Courts Crime and Punishment Criminal Justice

Innocent Until Proven…Yadda, Yadda, Yadda? Evidently Not.


A couple of alarming articles surfaced over the weekend that are must reads. First there was the piece from next week’s New Yorker in which Sy Hersh reveals that the Bush administration is stepping up covert operations in Iran. And then there is the following:


In the last few years I’ve seen the principle described below
play itself out in criminal court a couple of times, but always assumed I must be witnessing some kind of awful legal anomaly. Evidently not—according to a fascinating and horrifying article in Sunday’s Washington Times about how previous arrests and charges—even if the charges have been dropped or the defendant has been entirely acquitted—may still be used against a defendant when he (or she) is being sentenced for another crime. The concept is called “acquitted conduct enhancement” (nice little euphemism that) and it is yet another example of how we have gone completely off the rails with much of our sentencing policy in this country.

Here’s the opening to the article.

Nearly a year to the day before he resigned
, Attorney General Alberto R. Gonzales told his prosecutors to pursue the death penalty against a D.C. man accused of running a violent drug gang in Washington known as the “Congress Park Crew.”

But after at least four years of investigation, eight months of testimony and eight weeks of deliberations, a federal jury ruled the government couldn’t prove there was a criminal conspiracy called the Congress Park Crew, let alone that its purported leader, Antwuan Ball, 37, had committed any murders.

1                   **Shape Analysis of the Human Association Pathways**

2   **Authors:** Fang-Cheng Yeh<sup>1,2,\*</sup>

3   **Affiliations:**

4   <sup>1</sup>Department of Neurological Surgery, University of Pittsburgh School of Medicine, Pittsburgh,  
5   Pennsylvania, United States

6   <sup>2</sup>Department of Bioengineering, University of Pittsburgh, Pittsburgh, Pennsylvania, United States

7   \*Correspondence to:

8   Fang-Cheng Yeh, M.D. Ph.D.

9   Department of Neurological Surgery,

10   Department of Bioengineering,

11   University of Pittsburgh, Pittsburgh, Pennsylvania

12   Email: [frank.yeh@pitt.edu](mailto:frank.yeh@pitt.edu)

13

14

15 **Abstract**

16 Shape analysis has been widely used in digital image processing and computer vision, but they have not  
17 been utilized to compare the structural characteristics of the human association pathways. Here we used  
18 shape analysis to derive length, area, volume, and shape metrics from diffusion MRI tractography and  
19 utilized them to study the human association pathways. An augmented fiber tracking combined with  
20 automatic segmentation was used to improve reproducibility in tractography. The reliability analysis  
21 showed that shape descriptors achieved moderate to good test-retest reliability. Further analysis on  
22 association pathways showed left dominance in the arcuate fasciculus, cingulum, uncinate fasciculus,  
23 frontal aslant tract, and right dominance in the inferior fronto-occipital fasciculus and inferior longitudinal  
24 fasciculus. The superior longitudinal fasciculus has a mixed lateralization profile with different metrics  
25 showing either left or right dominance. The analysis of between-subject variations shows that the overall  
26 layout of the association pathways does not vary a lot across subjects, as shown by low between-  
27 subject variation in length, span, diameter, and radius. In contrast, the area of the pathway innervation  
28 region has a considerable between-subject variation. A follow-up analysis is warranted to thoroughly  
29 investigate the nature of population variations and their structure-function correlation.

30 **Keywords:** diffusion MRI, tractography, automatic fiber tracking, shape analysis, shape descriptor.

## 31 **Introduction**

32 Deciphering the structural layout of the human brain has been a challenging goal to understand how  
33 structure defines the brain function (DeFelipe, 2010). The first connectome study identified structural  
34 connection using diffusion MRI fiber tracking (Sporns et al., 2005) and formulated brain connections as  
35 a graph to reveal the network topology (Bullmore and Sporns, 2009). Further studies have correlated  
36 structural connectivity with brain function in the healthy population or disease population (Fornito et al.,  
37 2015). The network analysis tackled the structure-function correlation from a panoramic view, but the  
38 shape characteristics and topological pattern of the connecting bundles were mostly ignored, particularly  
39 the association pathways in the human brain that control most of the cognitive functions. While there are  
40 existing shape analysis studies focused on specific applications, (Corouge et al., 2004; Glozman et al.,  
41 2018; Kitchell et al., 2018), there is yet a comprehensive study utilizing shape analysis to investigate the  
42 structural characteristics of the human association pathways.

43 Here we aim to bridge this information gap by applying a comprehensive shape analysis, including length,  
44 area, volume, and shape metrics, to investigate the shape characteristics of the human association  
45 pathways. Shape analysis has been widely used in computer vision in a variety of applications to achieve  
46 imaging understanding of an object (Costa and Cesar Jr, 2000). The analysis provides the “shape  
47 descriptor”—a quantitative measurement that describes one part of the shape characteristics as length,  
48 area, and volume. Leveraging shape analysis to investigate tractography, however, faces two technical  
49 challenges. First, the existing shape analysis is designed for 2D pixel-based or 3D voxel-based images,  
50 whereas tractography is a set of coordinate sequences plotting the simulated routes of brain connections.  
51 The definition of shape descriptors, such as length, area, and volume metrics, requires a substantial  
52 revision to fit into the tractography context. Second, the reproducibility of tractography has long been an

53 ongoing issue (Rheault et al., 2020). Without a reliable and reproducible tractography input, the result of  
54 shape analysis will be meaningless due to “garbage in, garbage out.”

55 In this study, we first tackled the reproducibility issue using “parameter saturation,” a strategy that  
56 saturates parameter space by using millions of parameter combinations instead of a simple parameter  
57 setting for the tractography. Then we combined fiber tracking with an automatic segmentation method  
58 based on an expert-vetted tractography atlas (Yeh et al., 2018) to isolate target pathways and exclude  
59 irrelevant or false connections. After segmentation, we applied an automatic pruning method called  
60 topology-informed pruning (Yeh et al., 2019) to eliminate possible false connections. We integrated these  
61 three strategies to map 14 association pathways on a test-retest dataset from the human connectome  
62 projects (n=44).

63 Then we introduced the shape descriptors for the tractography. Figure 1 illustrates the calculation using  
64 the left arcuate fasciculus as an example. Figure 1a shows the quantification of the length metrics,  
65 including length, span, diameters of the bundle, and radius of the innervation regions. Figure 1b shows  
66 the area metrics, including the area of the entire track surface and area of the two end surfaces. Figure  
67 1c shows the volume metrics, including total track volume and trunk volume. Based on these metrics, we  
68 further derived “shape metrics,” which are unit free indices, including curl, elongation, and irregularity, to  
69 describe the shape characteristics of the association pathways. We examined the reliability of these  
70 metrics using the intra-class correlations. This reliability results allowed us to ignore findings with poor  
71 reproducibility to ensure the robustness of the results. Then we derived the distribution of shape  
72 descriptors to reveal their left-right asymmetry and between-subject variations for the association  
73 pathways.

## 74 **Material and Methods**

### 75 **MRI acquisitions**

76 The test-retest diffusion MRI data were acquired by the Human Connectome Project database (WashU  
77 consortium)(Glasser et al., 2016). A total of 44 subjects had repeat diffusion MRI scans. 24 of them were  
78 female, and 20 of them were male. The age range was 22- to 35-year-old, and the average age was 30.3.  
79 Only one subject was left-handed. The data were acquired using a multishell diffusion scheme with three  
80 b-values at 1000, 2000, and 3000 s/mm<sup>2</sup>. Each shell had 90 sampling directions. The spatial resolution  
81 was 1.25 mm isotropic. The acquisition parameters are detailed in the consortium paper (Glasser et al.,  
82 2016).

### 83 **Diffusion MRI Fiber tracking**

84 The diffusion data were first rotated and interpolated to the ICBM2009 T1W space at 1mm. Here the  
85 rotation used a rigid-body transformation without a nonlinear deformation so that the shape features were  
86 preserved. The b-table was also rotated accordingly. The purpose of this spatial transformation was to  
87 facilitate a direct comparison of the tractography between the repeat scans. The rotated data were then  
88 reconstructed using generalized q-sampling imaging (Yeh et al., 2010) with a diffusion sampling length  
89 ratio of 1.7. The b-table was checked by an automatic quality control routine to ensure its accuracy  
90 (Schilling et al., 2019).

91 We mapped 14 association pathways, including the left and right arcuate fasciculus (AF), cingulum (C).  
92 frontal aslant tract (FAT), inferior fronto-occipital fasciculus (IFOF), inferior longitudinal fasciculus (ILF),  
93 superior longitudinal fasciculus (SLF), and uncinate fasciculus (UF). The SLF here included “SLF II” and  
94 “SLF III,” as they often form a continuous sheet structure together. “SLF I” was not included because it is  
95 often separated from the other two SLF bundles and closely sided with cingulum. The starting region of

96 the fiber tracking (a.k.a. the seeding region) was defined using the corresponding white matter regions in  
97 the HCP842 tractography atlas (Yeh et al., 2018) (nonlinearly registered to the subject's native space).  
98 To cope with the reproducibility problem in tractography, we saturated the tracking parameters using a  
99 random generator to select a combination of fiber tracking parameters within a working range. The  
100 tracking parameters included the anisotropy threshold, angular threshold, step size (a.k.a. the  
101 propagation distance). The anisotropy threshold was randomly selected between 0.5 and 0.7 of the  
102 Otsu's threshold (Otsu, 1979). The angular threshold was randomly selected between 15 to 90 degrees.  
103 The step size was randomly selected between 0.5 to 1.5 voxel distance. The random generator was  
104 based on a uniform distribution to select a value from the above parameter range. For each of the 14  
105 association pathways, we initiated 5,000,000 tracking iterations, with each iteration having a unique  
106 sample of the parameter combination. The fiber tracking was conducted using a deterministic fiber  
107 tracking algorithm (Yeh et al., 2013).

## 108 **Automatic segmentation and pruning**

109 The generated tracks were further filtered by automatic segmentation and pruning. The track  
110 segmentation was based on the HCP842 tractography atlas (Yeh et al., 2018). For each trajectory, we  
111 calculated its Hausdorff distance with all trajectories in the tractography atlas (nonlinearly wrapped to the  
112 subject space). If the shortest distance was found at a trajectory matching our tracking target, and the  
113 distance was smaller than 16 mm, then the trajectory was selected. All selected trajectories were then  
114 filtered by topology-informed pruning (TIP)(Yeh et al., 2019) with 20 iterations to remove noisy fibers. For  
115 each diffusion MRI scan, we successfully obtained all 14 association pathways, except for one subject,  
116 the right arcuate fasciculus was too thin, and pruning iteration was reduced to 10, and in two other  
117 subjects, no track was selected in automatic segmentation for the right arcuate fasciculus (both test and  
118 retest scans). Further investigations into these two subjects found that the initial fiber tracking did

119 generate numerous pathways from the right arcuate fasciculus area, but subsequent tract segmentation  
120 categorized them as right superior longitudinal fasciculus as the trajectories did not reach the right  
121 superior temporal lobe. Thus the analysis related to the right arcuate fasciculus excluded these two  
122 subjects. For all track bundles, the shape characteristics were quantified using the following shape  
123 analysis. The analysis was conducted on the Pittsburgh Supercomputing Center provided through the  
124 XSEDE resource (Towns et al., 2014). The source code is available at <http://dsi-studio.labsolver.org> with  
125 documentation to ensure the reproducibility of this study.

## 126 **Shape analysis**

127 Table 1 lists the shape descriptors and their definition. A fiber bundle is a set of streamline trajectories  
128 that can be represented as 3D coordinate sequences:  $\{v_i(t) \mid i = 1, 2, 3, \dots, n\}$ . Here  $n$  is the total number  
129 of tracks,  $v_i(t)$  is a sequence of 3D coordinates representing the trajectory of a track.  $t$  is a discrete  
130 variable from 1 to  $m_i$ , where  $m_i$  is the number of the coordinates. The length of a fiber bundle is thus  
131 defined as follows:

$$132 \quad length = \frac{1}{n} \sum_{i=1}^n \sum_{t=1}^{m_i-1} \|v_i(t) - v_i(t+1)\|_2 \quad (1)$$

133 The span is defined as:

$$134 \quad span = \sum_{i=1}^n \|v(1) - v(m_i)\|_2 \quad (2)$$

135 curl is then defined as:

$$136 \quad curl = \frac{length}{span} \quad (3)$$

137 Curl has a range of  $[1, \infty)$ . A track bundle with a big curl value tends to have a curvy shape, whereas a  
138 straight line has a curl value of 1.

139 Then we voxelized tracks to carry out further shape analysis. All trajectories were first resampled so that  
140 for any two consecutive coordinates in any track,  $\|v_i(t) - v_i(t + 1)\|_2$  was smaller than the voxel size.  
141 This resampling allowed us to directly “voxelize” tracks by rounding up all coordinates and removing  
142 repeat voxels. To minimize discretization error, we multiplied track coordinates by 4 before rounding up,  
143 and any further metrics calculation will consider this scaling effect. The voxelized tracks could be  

Jurors acquitted Ball in November 2007 on every count
of a massive racketeering, drug conspiracy and murder indictment except a $600, half-ounce, hand-to-hand crack-cocaine deal in Southeast Washington seven years ago.

Perhaps thinking his freedom was at hand, Ball cried when the verdicts were read
. Indeed, under federal guidelines, he could expect to be released within a few years.

However, federal prosecutors are asking U.S. District Judge Richard W. Roberts
to send Ball to prison for 40 years, basing their request partly on charges that were never filed or conduct the jury either rejected outright or was never asked to consider.

And then there’s an amazing letter
from one of the jurors on Ball’s murder/conspiracy trial. Here’s an excerpt [after the jump]. But please read the whole thing.

As you remember, Judge Roberts, we spent 8 months listening
to the evidence, filling countless court-supplied notebooks, making summaries of those notes, and even creating card catalogues to keep track of all the witnesses and their statements. We deliberated for over 2 months, 4 days a week, 8 hours a day. We went over everything in detail. If any of our fellow jurors had a doubt, a question, an idea, or just wanted something repeated, we all stopped and made time. Conspiracy? A crew? With the evidence the prosecutor presented, not one among us could see it. Racketeering? We dismissed that even more quickly. No conspiracy shown but more importantly, where was the money? No big bank accounts. Mostly old cars. Small apartments or living with relatives.